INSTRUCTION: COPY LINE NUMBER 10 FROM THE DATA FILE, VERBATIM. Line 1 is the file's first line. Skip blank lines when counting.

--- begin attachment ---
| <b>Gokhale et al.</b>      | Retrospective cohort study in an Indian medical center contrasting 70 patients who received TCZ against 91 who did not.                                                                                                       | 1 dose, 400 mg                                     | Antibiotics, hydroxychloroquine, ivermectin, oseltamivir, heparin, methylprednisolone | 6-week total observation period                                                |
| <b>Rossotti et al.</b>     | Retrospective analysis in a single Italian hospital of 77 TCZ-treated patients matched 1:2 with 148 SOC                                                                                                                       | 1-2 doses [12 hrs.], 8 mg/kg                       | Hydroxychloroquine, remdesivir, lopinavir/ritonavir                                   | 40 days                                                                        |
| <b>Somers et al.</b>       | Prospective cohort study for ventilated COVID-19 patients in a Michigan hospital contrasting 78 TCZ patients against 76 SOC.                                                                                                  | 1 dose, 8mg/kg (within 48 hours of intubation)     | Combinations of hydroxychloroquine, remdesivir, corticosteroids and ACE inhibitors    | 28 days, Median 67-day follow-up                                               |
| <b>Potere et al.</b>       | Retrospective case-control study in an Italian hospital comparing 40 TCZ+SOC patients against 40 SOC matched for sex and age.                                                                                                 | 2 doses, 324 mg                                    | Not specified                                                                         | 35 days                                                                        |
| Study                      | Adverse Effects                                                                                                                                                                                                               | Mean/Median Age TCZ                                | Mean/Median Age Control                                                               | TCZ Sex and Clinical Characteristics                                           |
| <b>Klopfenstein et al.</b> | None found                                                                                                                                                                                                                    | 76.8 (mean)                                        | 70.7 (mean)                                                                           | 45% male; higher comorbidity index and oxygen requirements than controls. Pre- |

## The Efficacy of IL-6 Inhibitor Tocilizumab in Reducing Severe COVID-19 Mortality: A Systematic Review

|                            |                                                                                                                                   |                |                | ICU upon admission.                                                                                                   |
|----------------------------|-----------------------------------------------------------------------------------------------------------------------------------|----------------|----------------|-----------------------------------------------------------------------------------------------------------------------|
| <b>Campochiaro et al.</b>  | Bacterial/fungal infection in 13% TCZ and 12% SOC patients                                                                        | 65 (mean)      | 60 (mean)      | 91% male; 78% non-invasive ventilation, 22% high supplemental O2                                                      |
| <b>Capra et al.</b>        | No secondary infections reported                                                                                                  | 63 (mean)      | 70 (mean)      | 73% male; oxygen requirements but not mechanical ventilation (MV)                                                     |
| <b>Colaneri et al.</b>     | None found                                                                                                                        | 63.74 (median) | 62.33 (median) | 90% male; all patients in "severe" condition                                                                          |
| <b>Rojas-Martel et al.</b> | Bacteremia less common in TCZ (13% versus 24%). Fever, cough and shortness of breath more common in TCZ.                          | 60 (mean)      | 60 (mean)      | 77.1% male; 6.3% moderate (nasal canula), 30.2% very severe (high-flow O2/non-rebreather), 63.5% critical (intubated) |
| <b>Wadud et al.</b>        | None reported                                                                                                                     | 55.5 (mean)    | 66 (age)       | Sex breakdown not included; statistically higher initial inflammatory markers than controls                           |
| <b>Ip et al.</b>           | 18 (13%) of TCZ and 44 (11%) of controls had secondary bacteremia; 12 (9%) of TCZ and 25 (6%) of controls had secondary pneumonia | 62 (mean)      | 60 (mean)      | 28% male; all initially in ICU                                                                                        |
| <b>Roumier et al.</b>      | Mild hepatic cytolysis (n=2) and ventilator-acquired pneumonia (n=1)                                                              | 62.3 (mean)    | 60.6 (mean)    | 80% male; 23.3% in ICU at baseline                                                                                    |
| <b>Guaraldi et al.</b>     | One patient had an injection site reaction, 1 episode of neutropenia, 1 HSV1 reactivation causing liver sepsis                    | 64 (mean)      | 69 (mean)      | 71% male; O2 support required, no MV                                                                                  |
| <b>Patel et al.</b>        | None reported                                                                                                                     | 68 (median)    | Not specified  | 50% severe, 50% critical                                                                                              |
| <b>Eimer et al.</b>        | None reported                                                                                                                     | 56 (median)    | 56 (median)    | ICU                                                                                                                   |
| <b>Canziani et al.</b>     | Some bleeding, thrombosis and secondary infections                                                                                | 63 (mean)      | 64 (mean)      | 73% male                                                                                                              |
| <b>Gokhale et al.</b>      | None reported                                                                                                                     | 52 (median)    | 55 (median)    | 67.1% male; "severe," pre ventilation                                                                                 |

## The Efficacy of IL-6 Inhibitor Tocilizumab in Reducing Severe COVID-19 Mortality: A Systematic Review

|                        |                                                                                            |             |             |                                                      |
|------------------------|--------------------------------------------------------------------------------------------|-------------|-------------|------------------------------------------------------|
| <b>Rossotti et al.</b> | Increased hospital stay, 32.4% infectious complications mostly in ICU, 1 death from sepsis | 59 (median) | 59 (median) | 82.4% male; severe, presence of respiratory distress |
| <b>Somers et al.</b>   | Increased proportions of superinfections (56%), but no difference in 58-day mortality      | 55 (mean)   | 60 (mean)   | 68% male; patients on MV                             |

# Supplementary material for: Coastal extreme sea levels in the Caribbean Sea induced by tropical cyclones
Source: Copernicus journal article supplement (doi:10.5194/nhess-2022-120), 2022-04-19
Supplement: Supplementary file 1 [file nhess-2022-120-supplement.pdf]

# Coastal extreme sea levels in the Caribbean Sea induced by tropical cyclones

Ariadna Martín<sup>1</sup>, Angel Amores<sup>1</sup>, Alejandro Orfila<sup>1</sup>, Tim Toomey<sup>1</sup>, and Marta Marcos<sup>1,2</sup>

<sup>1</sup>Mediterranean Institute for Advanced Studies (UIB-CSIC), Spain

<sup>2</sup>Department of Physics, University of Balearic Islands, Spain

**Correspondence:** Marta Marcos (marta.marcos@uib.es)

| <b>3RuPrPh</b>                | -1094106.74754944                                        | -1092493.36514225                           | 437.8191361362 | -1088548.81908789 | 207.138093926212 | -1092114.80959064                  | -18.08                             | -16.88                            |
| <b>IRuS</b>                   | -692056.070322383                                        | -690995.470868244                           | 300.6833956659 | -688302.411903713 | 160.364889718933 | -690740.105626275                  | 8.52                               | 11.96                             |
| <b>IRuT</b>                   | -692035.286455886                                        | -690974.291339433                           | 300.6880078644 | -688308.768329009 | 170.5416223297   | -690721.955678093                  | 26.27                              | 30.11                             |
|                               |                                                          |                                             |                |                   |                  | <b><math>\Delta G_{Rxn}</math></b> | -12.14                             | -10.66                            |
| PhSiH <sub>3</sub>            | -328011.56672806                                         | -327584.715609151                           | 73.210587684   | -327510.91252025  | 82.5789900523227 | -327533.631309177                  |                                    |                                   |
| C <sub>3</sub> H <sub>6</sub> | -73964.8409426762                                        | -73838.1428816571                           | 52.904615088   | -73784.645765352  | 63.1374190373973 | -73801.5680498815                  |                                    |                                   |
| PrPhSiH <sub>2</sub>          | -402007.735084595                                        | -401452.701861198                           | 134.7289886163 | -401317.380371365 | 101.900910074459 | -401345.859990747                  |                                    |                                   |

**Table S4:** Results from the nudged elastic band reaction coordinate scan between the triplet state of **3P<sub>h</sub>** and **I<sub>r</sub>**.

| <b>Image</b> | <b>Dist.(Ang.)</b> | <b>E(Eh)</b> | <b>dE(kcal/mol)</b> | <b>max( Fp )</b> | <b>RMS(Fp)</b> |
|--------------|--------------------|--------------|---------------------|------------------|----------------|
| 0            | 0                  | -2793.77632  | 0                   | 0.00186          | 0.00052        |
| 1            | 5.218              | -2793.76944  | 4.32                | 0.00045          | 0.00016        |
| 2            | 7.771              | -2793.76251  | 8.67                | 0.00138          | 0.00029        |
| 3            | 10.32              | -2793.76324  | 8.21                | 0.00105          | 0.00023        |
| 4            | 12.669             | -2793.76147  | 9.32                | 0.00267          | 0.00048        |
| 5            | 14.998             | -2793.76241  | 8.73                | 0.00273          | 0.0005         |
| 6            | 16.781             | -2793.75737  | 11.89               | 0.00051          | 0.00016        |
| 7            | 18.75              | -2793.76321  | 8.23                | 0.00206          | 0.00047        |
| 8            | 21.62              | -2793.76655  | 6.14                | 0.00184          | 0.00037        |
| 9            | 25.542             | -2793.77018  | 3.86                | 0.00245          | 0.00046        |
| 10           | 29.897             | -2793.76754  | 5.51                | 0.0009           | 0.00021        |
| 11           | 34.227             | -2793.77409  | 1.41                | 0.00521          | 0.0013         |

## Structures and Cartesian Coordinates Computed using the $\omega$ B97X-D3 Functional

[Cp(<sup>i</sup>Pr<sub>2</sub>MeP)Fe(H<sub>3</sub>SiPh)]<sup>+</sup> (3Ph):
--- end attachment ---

| <b>Campochiaro et al.</b>  | Bacterial/fungal infection in 13% TCZ and 12% SOC patients                                                                        | 65 (mean)      | 60 (mean)      | 91% male; 78% non-invasive ventilation, 22% high supplemental O2                                                      |